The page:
So, I was going through the spec sheet of super bright 5mm orange LED, and it was listed that the forward voltage is between 1.8V and 2.5V. Below that there was a property listed as 'typical voltage' and had a value of 3.2V. I'm confused as to what value of resistance I must use.
The important thing to realize is that CURRENT is what MATTERS to an LED. The voltage is given as a range because the voltage varies, depending on manufacturing tolerances, temperature, etc.
If you design well for LEDs, you feed them with a current source, and the voltage simply needs to be adequate for the number of LEDs you have in series on each current source. In figuring the voltage compliance your current source should have, look at the highest voltage quoted.
If you use resistors for current-limiting LEDs, use either the LOWEST value of forward voltage provided, or a bit less than that (safety margin) when choosing a resistor to set the current. This is sub-optimal .vs. a current source, as it will generally be providing less than the maximum safe current in order not to provide more than the maximum safe current under conditions (or for parts) where the forward voltage is particularly low.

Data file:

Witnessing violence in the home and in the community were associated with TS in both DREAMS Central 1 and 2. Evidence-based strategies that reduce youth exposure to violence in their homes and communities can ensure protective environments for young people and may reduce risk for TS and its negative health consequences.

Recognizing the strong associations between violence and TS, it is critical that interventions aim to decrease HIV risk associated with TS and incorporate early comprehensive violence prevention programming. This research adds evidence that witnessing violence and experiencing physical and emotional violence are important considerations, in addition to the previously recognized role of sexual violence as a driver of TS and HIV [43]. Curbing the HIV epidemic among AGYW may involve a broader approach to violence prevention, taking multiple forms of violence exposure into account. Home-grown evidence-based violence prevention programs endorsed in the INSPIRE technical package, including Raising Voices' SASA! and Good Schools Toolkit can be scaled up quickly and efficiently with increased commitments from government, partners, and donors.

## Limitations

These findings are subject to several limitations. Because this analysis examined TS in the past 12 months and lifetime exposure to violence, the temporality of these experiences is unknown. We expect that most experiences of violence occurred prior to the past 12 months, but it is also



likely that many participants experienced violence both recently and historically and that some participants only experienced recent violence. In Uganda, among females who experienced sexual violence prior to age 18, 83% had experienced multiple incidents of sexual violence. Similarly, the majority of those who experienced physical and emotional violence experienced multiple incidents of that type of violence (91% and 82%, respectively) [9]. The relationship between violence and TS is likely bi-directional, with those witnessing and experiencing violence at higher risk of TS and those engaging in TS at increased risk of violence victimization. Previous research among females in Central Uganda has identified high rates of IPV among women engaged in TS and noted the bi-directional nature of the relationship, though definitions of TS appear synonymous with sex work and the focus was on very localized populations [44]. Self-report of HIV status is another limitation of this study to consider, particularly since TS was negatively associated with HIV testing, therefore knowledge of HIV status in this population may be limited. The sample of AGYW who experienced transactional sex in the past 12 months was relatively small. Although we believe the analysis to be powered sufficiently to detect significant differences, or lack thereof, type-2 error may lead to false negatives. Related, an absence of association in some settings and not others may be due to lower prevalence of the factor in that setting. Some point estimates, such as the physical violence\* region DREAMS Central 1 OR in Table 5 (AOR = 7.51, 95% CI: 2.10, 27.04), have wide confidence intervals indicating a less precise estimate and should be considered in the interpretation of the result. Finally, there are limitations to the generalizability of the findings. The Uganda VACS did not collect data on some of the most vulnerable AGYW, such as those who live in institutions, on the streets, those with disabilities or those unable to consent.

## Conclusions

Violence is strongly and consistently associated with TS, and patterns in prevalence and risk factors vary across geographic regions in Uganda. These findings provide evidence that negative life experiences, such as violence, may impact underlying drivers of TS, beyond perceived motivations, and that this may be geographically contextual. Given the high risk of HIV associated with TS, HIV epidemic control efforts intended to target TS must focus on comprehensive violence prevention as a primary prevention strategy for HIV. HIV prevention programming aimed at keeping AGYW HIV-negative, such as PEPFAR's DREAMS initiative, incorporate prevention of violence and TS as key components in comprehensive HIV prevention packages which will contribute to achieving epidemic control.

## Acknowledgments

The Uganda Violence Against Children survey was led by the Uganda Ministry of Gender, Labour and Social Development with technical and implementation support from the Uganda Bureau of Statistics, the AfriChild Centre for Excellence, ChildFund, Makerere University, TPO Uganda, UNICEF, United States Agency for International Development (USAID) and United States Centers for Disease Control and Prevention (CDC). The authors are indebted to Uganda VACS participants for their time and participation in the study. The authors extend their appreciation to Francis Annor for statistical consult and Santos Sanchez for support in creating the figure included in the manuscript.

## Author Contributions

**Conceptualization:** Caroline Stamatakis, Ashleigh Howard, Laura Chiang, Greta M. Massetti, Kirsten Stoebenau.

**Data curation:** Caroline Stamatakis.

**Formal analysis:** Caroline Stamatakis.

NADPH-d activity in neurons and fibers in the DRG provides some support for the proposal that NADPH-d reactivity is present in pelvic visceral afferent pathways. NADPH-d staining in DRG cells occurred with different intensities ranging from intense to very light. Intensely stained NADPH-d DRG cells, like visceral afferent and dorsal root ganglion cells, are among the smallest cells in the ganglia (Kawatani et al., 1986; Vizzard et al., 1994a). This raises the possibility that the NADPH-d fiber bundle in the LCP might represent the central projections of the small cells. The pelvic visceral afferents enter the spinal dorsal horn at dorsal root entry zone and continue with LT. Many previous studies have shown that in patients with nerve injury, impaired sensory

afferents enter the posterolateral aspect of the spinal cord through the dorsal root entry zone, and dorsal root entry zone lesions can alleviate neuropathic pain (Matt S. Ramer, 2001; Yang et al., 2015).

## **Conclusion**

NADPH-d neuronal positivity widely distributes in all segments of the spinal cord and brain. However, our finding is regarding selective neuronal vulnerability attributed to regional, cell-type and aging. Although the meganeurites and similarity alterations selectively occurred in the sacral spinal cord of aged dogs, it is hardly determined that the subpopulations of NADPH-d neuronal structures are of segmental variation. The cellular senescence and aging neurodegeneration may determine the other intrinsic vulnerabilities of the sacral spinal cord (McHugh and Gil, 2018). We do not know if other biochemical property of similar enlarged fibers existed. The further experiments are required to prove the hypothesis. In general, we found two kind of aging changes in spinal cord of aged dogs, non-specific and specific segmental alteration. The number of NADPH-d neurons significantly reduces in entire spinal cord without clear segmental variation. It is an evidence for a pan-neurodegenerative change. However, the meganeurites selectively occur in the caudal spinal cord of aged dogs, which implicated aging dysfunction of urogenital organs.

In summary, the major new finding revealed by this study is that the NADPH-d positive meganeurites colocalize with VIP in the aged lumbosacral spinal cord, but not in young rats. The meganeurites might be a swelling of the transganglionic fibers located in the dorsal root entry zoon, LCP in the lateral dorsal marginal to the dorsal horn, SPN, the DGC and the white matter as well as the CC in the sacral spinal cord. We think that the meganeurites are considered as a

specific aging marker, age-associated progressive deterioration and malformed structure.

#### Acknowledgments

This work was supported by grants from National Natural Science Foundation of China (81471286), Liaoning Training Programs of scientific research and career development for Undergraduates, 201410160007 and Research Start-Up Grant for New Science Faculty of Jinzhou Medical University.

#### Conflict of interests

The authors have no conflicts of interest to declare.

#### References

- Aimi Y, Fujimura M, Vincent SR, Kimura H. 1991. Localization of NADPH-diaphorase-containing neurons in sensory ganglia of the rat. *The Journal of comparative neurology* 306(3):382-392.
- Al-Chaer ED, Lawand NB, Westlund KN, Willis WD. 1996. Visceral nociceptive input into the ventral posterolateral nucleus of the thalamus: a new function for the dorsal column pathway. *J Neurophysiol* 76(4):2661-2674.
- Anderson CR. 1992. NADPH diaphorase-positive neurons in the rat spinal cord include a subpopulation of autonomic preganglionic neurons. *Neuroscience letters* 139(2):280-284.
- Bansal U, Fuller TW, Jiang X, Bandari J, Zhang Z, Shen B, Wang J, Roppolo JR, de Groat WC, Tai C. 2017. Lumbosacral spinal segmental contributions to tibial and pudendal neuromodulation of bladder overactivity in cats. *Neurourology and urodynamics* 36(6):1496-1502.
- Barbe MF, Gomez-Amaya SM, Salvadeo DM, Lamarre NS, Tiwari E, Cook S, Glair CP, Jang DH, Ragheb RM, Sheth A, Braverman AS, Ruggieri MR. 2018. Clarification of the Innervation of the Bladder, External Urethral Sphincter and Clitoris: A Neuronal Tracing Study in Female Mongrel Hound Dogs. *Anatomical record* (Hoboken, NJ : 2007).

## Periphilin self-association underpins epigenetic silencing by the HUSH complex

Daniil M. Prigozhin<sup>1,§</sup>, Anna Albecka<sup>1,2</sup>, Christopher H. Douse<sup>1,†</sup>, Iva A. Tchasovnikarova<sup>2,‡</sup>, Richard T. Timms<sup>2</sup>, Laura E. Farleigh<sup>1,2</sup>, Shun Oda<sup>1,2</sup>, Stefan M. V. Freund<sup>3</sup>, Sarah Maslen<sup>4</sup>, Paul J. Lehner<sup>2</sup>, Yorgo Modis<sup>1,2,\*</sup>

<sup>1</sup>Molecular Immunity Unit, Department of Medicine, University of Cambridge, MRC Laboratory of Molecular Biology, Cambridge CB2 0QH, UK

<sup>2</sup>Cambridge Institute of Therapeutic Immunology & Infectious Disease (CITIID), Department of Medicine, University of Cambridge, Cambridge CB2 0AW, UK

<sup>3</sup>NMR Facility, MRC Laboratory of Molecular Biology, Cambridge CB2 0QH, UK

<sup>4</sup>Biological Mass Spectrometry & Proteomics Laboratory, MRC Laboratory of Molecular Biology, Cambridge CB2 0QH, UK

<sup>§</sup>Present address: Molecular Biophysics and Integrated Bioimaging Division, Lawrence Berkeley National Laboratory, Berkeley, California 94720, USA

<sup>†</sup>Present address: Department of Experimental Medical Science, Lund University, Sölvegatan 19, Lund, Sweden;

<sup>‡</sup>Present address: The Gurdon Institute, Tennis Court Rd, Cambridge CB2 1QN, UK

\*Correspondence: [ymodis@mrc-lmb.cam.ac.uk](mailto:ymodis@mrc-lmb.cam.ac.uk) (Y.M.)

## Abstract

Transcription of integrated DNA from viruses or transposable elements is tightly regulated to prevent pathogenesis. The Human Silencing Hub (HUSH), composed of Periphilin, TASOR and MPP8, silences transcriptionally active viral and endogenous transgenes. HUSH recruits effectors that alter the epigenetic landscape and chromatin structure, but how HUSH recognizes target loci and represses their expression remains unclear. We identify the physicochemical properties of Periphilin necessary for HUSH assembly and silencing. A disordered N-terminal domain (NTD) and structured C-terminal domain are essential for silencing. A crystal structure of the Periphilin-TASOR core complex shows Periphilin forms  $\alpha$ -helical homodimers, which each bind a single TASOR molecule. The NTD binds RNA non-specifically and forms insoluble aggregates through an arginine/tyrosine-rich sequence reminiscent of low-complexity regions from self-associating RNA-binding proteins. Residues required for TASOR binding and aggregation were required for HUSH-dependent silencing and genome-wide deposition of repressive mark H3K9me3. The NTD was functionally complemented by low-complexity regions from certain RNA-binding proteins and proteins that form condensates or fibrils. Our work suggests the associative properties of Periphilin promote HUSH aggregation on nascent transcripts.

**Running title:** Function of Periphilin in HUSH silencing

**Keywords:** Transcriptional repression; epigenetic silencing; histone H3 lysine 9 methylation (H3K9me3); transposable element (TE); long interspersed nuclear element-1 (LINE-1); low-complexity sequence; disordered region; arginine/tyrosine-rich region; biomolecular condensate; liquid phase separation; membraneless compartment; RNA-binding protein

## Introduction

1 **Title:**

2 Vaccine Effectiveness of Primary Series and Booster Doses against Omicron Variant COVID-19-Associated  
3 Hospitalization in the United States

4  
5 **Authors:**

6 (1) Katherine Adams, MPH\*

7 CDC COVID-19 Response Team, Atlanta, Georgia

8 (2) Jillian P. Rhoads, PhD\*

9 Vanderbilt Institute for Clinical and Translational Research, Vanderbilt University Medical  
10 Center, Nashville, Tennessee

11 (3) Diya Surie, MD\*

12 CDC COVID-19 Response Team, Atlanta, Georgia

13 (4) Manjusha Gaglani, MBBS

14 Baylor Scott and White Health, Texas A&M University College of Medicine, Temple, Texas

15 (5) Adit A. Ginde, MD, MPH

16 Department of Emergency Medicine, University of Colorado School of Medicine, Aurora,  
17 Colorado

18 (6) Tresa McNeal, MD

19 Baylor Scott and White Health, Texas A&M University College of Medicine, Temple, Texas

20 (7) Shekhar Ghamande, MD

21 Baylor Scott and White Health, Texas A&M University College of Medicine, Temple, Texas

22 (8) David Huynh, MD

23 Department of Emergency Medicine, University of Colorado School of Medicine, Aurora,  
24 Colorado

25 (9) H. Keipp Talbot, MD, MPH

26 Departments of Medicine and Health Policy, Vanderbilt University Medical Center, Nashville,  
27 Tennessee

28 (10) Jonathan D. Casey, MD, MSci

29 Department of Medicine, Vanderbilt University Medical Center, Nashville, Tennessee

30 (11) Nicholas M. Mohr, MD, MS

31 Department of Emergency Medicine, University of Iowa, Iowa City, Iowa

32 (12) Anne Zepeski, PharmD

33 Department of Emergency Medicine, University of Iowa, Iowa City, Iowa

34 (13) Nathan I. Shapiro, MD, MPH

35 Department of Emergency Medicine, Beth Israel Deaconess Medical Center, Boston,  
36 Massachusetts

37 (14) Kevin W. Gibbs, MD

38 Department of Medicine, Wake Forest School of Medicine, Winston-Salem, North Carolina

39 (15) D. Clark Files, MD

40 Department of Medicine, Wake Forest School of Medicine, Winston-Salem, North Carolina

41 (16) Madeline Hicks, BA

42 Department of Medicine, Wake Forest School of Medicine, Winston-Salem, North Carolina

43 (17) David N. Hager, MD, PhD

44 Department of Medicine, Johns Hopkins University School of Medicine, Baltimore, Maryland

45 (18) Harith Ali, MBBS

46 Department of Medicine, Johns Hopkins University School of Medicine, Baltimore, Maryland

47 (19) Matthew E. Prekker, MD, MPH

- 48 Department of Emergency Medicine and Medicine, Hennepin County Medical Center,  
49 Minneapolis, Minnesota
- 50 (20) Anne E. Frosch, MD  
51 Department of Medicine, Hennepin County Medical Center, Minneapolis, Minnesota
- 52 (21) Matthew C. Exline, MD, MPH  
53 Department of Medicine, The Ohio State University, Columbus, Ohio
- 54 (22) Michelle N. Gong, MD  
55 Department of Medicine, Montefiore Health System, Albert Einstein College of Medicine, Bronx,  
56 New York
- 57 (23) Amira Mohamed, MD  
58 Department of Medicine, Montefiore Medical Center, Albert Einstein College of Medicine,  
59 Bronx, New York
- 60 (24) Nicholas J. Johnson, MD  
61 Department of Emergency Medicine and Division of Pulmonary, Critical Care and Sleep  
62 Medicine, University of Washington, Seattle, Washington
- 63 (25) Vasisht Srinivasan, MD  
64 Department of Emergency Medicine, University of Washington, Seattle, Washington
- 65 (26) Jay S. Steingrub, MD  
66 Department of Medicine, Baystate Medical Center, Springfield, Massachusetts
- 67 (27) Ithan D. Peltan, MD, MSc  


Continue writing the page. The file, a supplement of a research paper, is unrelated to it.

Quick solution. If you want to know the forward voltage hook your LED to a power supply turned down to 0 volts and slowly crank up the voltage.
You LED will turn on once forward voltage is reached.
However, you might blow an LED up doing this so proceed with caution.
To help answer your question. Use forward current to decide on what resistor to use and take the worst case forward voltage.
If you have doubts on the stated specs, you can make a simple Constant Current regulator to test an LED out with a common adjustable LDO.
R1 can be a fixed resistor, or more conveniently, a variable resistor or trimpot. For 20 mA, that's 62.5 Ω. (R = V/I, in this case VRef / IOut).
Simply measure the voltage across the Load/LED and you know how much it's Forward Voltage Drop at 20mA is.